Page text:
"It was a bacterial infection, culture-proven," he said. "I lost 10 pounds in a few days."
Not that it stopped him from competing. Mark still finished fifth in his age group and immediately sought another race.
Hello, Lubbock, June 27.
"That was a pretty miserable race," Mark said.
It started out well enough. A lifelong swimmer, he completed the 1.2-mile swim in 29 minutes, 50 seconds. On the bike, his weakest event, he handled the hilly, 56-mile course in 2 hours, 56 minutes and took the lead from his nearest 60-to-64-year-old rival in the 13.1-mile run at about the halfway mark.
Those last six miles? Mark barely remembers running them. Wendy, waiting at the finish line, was aghast at what she saw about 200 yards away.
"I realize he's not running normal," she recalled. "He's staggering and kind of bent over. You'd probably think he was drunk if you saw him anywhere else. I ran out on the street, and he didn't even know who I was. I said, 'Stop running and walk.' I could see he was going to fall over. He kind of looked at me like maybe I was familiar. I kept yelling, 'Walk, walk, walk.' But I couldn't stay with him because he'd get disqualified.
Mark began to lurch and weave across the course, running into fans. He did walk the last 75 yards, if you could call it walking. Wendy had no idea how far back her husband's nearest rival was. All she knew was that her stubborn husband had that wild look in his eyes and wouldn't stop.
"I honestly thought he was going to collapse in front of the finish line," she said.
No, the collapse came after he crossed the line.
"The med guy scooped him up and took him to the tent," Wendy said. "It took an hour and a half to get him better. When he came to, the first thing he asks is if he won."
As an emergency room physician, Mark Song doesn't recommend that others run themselves to hyperthermia. But he had decades of experience in endurance sports and thought he knew what his body could take.
"Over the years, I've found your mind can make your body do things a normal person might not want it to do," he said. "I have a very high pain tolerance. … In triathlon, the longer the race, the better I do. If you just don't stop, you're good."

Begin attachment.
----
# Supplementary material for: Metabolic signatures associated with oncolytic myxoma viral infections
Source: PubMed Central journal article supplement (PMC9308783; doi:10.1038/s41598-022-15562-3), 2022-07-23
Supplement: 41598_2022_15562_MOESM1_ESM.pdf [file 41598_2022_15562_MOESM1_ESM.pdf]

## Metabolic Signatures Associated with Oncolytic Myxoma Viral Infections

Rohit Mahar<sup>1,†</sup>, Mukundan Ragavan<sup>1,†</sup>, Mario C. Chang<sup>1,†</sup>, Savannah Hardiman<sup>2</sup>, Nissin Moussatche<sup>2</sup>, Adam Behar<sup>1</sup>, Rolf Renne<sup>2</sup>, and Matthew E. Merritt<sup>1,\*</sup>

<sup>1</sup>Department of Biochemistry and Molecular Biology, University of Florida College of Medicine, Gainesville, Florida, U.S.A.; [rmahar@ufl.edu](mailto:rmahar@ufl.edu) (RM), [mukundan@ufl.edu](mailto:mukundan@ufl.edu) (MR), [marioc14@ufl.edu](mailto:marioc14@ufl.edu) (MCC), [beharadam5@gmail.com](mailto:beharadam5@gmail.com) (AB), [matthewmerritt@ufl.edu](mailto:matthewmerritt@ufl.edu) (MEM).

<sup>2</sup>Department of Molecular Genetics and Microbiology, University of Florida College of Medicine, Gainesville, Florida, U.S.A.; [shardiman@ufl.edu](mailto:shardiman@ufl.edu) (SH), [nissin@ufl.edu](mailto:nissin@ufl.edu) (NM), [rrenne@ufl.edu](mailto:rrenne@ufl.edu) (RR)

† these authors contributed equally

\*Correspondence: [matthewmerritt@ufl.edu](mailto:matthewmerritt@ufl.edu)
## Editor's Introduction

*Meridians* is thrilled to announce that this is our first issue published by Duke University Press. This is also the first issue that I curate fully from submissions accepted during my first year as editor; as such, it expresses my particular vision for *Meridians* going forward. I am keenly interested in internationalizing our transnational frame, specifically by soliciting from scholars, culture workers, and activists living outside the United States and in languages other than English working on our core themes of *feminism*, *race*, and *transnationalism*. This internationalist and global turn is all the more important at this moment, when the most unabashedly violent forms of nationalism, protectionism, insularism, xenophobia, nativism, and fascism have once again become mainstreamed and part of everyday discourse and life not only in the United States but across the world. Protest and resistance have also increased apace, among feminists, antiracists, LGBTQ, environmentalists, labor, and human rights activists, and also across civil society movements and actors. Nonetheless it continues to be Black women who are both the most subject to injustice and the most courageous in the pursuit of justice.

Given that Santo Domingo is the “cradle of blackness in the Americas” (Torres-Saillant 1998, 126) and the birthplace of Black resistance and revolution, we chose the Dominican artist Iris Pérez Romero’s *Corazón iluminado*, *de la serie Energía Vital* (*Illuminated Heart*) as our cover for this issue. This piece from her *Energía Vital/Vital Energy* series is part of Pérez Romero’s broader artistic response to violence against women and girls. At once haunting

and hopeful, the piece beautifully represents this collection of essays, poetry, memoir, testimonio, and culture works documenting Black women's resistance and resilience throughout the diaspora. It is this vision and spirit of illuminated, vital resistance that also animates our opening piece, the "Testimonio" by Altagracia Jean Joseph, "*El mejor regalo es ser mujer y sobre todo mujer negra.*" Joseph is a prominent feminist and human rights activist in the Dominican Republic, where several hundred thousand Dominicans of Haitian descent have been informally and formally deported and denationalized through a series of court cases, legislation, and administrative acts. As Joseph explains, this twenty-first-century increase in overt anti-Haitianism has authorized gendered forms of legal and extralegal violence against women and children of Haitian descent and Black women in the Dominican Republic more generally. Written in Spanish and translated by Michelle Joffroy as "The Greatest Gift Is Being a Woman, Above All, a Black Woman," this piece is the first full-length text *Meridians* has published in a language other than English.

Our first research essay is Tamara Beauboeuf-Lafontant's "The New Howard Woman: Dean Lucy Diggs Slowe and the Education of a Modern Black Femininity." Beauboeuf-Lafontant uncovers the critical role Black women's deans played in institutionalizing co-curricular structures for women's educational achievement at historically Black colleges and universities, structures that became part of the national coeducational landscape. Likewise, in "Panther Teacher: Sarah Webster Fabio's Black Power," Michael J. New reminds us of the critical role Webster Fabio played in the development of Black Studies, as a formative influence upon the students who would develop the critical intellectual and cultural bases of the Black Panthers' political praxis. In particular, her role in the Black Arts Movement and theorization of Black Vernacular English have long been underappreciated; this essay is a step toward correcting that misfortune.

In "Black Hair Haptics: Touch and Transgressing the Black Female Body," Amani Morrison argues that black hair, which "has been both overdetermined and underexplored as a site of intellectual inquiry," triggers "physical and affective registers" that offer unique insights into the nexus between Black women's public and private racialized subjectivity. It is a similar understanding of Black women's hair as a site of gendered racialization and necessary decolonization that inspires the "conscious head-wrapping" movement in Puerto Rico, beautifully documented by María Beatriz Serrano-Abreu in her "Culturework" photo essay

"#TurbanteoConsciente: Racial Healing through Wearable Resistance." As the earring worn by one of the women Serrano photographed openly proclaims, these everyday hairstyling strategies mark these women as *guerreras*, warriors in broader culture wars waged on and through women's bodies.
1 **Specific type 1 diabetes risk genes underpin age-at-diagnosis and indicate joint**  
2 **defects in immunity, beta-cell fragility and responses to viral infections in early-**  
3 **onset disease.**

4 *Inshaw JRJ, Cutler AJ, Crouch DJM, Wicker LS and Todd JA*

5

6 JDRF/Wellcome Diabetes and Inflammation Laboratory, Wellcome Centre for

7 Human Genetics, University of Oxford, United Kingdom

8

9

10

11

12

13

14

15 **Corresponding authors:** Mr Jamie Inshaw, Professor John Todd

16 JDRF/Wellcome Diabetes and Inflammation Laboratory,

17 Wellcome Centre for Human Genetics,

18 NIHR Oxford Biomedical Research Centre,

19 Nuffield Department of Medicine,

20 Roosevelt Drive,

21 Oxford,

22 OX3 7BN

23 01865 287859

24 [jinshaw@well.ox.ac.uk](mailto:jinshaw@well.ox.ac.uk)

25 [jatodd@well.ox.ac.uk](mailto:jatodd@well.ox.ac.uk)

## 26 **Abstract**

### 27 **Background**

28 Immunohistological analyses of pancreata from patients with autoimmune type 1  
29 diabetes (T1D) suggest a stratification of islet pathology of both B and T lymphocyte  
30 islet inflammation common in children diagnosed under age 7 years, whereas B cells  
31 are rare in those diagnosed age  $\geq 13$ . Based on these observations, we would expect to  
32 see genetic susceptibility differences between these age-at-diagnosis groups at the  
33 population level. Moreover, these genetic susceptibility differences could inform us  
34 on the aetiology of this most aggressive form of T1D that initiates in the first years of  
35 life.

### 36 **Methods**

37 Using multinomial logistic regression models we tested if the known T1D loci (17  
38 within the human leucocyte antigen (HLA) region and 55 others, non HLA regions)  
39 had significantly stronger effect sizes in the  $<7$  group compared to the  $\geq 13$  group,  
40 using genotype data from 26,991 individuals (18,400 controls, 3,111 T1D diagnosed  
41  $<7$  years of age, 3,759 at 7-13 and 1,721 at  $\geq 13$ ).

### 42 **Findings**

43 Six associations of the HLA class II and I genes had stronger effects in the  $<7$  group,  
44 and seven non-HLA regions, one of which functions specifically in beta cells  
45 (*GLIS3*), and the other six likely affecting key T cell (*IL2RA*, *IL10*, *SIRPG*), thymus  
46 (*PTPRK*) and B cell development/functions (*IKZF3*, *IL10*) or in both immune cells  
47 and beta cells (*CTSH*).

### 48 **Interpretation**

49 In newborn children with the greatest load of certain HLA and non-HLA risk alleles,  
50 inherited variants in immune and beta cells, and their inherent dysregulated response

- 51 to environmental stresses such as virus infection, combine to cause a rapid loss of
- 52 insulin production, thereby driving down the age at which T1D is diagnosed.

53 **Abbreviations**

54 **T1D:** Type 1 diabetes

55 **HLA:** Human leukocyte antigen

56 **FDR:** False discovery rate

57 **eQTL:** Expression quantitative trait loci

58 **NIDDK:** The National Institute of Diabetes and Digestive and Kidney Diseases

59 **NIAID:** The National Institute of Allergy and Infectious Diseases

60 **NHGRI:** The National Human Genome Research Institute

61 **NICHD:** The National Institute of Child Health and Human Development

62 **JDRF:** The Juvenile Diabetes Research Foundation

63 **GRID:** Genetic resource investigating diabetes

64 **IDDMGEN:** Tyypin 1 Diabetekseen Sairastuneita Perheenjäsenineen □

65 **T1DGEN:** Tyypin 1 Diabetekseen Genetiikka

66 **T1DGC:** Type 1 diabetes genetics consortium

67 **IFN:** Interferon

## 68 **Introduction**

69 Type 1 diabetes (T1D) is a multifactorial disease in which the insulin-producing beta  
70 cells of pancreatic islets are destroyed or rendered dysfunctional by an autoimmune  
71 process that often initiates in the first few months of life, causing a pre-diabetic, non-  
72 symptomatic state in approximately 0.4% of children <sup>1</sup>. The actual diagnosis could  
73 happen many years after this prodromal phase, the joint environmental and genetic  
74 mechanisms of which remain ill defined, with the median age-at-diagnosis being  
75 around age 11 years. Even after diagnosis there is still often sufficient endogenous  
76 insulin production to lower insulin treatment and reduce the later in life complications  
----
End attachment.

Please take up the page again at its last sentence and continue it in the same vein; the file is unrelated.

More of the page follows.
It doesn't surprise Wendy that her eldest son, Kyle, would attempt the Ironman distance himself. Father and son are both "driven and goal-oriented," she said. Mark and Kyle both graduated from UC Davis School of Medicine. They have surfed together at many choice locales worldwide, and according to Wendy, they share an adrenaline- fueled competitiveness.
Mark has been unofficially coaching Kyle in the months leading up to Kona. Training has been hard for Kyle, who puts in 80-hour weeks at UC Davis Medical Center. He said his wife, Sara, has patiently allowed him to spend his rare off-hours running and cycling on the American River bike trail.
"I do kind of feel some chronic exhaustion in these eight months I've been training hard," Kyle said. "It's at least taught me to be organized and efficient with my time."
Speaking of time, neither Song ventured a prediction for Saturday.
"My goal is to kick his butt," Kyle said, jokingly.
Mark, perhaps still shaken by his Lubbock experience, took a broader view. "My plan is just race safely and finish," he said. "Kyle is 30 and strong. He probably feels he's stronger than what I tell him. I tell him to be really careful. Any day in Kona can be different. You race with the conditions thrown at you."
"They laugh and say they'd like to come across the finish line together. But my thinking is they'd both be figuring out how to trip the other one."